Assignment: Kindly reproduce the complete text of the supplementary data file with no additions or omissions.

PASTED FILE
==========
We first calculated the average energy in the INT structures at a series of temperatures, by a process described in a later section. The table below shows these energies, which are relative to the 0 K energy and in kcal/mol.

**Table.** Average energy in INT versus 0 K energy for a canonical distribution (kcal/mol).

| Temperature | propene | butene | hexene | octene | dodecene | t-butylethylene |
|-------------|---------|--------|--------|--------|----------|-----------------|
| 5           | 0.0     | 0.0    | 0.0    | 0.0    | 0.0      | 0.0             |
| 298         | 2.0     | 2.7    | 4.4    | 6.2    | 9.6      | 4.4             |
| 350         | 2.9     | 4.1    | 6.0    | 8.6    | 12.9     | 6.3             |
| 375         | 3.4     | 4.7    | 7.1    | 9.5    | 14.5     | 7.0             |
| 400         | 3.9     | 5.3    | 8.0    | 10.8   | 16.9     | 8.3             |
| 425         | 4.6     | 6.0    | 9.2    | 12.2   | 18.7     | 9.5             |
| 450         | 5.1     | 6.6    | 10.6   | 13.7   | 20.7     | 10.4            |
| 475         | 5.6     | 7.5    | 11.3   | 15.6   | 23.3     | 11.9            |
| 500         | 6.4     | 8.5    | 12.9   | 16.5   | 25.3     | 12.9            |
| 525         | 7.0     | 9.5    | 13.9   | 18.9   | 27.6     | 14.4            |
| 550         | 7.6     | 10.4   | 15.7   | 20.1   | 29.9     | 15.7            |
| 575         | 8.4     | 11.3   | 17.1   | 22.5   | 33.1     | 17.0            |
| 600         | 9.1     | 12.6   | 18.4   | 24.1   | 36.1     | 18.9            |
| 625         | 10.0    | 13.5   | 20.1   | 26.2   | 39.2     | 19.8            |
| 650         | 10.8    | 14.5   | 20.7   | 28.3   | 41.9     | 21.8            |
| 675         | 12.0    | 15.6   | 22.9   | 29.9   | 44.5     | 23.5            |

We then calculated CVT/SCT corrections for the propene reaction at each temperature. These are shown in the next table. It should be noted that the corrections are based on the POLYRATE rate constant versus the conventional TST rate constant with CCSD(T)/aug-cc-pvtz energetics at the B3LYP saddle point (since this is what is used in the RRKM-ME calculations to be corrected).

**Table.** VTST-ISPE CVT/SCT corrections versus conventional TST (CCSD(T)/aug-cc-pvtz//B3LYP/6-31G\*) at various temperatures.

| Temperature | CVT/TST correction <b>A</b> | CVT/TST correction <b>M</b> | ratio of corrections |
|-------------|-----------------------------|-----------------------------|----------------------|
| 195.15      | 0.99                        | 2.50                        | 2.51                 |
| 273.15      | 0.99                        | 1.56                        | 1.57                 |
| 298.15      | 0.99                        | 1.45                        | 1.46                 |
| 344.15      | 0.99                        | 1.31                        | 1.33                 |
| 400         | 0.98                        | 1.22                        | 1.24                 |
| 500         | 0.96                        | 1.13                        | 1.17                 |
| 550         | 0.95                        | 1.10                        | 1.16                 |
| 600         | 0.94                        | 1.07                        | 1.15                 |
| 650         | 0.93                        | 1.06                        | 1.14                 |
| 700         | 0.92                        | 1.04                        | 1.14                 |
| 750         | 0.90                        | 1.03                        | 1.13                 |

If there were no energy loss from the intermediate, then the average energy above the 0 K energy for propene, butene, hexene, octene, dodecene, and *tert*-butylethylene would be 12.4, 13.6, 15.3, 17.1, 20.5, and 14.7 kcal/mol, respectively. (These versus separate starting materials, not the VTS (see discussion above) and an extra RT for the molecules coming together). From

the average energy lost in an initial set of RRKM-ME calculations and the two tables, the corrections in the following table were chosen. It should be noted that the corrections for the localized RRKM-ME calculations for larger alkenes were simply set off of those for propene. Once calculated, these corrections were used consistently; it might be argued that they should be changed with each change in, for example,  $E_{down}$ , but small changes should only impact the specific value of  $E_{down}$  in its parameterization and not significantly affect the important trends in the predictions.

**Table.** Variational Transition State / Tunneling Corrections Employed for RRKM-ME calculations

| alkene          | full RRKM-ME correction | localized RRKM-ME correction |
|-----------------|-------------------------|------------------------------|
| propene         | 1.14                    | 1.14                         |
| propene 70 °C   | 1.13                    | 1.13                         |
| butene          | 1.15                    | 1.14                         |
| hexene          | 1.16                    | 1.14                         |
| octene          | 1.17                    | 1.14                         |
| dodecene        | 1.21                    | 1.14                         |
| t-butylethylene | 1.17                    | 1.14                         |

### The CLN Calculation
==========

We first calculated the average energy in the INT structures at a series of temperatures, by a process described in a later section. The table below shows these energies, which are relative to the 0 K energy and in kcal/mol.

**Table.** Average energy in INT versus 0 K energy for a canonical distribution (kcal/mol).

| Temperature | propene | butene | hexene | octene | dodecene | t-butylethylene |
|-------------|---------|--------|--------|--------|----------|-----------------|
| 5           | 0.0     | 0.0    | 0.0    | 0.0    | 0.0      | 0.0             |
| 298         | 2.0     | 2.7    | 4.4    | 6.2    | 9.6      | 4.4             |
| 350         | 2.9     | 4.1    | 6.0    | 8.6    | 12.9     | 6.3             |
| 375         | 3.4     | 4.7    | 7.1    | 9.5    | 14.5     | 7.0             |
| 400         | 3.9     | 5.3    | 8.0    | 10.8   | 16.9     | 8.3             |
| 425         | 4.6     | 6.0    | 9.2    | 12.2   | 18.7     | 9.5             |
| 450         | 5.1     | 6.6    | 10.6   | 13.7   | 20.7     | 10.4            |
| 475         | 5.6     | 7.5    | 11.3   | 15.6   | 23.3     | 11.9            |
| 500         | 6.4     | 8.5    | 12.9   | 16.5   | 25.3     | 12.9            |
| 525         | 7.0     | 9.5    | 13.9   | 18.9   | 27.6     | 14.4            |
| 550         | 7.6     | 10.4   | 15.7   | 20.1   | 29.9     | 15.7            |
| 575         | 8.4     | 11.3   | 17.1   | 22.5   | 33.1     | 17.0            |
| 600         | 9.1     | 12.6   | 18.4   | 24.1   | 36.1     | 18.9            |
| 625         | 10.0    | 13.5   | 20.1   | 26.2   | 39.2     | 19.8            |
| 650         | 10.8    | 14.5   | 20.7   | 28.3   | 41.9     | 21.8            |
| 675         | 12.0    | 15.6   | 22.9   | 29.9   | 44.5     | 23.5            |

We then calculated CVT/SCT corrections for the propene reaction at each temperature. These are shown in the next table. It should be noted that the corrections are based on the POLYRATE rate constant versus the conventional TST rate constant with CCSD(T)/aug-cc-pvtz energetics at the B3LYP saddle point (since this is what is used in the RRKM-ME calculations to be corrected).

**Table.** VTST-ISPE CVT/SCT corrections versus conventional TST (CCSD(T)/aug-cc-pvtz//B3LYP/6-31G\*) at various temperatures.

| Temperature | CVT/TST correction <b>A</b> | CVT/TST correction <b>M</b> | ratio of corrections |
|-------------|-----------------------------|-----------------------------|----------------------|
| 195.15      | 0.99                        | 2.50                        | 2.51                 |
| 273.15      | 0.99                        | 1.56                        | 1.57                 |
| 298.15      | 0.99                        | 1.45                        | 1.46                 |
| 344.15      | 0.99                        | 1.31                        | 1.33                 |
| 400         | 0.98                        | 1.22                        | 1.24                 |
| 500         | 0.96                        | 1.13                        | 1.17                 |
| 550         | 0.95                        | 1.10                        | 1.16                 |
| 600         | 0.94                        | 1.07                        | 1.15                 |
| 650         | 0.93                        | 1.06                        | 1.14                 |
| 700         | 0.92                        | 1.04                        | 1.14                 |
| 750         | 0.90                        | 1.03                        | 1.13                 |

If there were no energy loss from the intermediate, then the average energy above the 0 K energy for propene, butene, hexene, octene, dodecene, and *tert*-butylethylene would be 12.4, 13.6, 15.3, 17.1, 20.5, and 14.7 kcal/mol, respectively. (These versus separate starting materials, not the VTS (see discussion above) and an extra RT for the molecules coming together). From

the average energy lost in an initial set of RRKM-ME calculations and the two tables, the corrections in the following table were chosen. It should be noted that the corrections for the localized RRKM-ME calculations for larger alkenes were simply set off of those for propene. Once calculated, these corrections were used consistently; it might be argued that they should be changed with each change in, for example,  $E_{down}$ , but small changes should only impact the specific value of  $E_{down}$  in its parameterization and not significantly affect the important trends in the predictions.

**Table.** Variational Transition State / Tunneling Corrections Employed for RRKM-ME calculations

| alkene          | full RRKM-ME correction | localized RRKM-ME correction |
|-----------------|-------------------------|------------------------------|
| propene         | 1.14                    | 1.14                         |
| propene 70 °C   | 1.13                    | 1.13                         |
| butene          | 1.15                    | 1.14                         |
| hexene          | 1.16                    | 1.14                         |
| octene          | 1.17                    | 1.14                         |
| dodecene        | 1.21                    | 1.14                         |
| t-butylethylene | 1.17                    | 1.14                         |

### The CLN Calculation